Elizabeth A. Kennedy

BEIRUT: Gunmen attacked a pro-government TV station Wednesday near the Syrian capital, killing seven employees in the latest barrage of violence as world powers prepared for a high-level meeting that the U.S. hopes will be a turning point in the crisis.

Invitations to Saturday’s gathering in Geneva were sent by special envoy Kofi Annan to the five permanent members of the U.N. Security Council — including Syrian allies Russia and China — but not to major regional players Iran and Saudi Arabia.

The absence of those two countries, as well as the lack of any appetite for international military intervention, could make it difficult for the group to find the leverage to end the bloodshed in Syria. An effort by Annan to broker a peace plan failed earlier this year.

Diplomatic hopes have rested on Russia — Syria’s most important ally and protector — agreeing on a transition plan that would end the Assad family dynasty, which has ruled Syria for more than four decades. But Moscow has rejected efforts by outside forces to end the conflict or any plan to force regime change in Damascus.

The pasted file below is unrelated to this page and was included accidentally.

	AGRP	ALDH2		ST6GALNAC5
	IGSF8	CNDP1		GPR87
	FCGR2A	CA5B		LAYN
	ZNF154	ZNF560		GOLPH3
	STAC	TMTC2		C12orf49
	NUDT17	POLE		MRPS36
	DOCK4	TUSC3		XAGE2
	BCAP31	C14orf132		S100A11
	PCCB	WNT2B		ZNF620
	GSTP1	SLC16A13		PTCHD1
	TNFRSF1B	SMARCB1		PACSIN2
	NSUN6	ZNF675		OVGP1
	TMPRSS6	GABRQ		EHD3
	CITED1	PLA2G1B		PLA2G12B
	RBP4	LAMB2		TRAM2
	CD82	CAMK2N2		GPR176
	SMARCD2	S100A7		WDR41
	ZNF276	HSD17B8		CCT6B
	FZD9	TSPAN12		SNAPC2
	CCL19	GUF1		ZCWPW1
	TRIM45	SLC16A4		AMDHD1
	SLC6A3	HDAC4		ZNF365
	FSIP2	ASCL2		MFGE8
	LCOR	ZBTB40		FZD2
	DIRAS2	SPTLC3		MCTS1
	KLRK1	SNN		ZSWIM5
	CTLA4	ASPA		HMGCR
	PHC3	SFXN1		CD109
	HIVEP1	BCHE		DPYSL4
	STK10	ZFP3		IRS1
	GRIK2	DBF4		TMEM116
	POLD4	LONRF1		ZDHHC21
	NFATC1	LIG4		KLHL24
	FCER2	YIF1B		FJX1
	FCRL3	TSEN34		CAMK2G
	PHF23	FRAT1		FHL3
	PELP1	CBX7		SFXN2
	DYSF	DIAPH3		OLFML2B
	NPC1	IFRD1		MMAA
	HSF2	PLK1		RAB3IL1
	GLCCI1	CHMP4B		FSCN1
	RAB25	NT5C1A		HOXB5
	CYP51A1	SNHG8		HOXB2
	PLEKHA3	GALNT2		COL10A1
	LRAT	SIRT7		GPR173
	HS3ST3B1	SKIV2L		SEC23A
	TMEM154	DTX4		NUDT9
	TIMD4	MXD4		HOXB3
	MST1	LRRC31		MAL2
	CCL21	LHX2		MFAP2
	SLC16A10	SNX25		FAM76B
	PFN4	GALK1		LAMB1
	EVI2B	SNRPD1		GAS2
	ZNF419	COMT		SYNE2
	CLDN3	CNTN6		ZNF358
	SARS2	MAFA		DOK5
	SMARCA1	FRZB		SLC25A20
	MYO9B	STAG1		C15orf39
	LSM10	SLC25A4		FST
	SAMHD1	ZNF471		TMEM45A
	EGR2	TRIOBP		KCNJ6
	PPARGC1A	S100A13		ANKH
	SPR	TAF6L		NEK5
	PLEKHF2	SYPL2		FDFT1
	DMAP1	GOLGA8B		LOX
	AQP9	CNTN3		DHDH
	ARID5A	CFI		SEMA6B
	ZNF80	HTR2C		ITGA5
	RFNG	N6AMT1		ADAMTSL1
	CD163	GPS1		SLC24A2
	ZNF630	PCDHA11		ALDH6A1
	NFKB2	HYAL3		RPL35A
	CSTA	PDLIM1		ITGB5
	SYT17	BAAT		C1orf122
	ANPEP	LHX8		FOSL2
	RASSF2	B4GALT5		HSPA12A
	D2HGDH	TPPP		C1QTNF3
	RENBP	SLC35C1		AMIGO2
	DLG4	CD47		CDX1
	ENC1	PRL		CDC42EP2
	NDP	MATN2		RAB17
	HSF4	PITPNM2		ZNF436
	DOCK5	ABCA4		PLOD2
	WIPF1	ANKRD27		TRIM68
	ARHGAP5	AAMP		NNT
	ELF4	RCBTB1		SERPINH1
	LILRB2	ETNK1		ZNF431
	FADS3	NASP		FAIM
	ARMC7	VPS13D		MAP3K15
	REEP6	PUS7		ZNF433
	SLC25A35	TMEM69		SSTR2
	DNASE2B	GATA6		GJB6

The United Nations said Wednesday that the conflict, which began in March 2011 as part of the Arab Spring that swept aside entrenched leaders across the region, is descending into sectarian warfare.

President Bashar Assad has so far appeared largely impervious to world pressure and he has warned the international community from meddling in the crisis, which has seen a sharp escalation in violence in recent months.

Assad denies there is any popular will behind the uprising, saying terrorists are driving a foreign conspiracy to destroy the country. Activists say more than 14,000 people have been killed in the violence.

Much of the violence that has gripped Syria in the uprising has been sanctioned by the government to crush dissent. But rebel fighters are launching increasingly deadly attacks on regime targets, and several massive suicide attacks this year suggest al-Qaida or other extremists are joining the fray.

On Wednesday, the U.N. gave a grim assessment of the crisis, saying the violence has worsened since April, when the cease-fire brokered by Annan was supposed to go into effect. There also were signs the bloodshed is descending into sectarian warfare.

“Where previously victims were targeted on the basis of their being pro- or anti-government, the Commission of Inquiry has recorded a growing number of incidents where victims appear to have been targeted because of their religious affiliation,” a panel of U.N.-appointed human rights experts said in a report released in Geneva.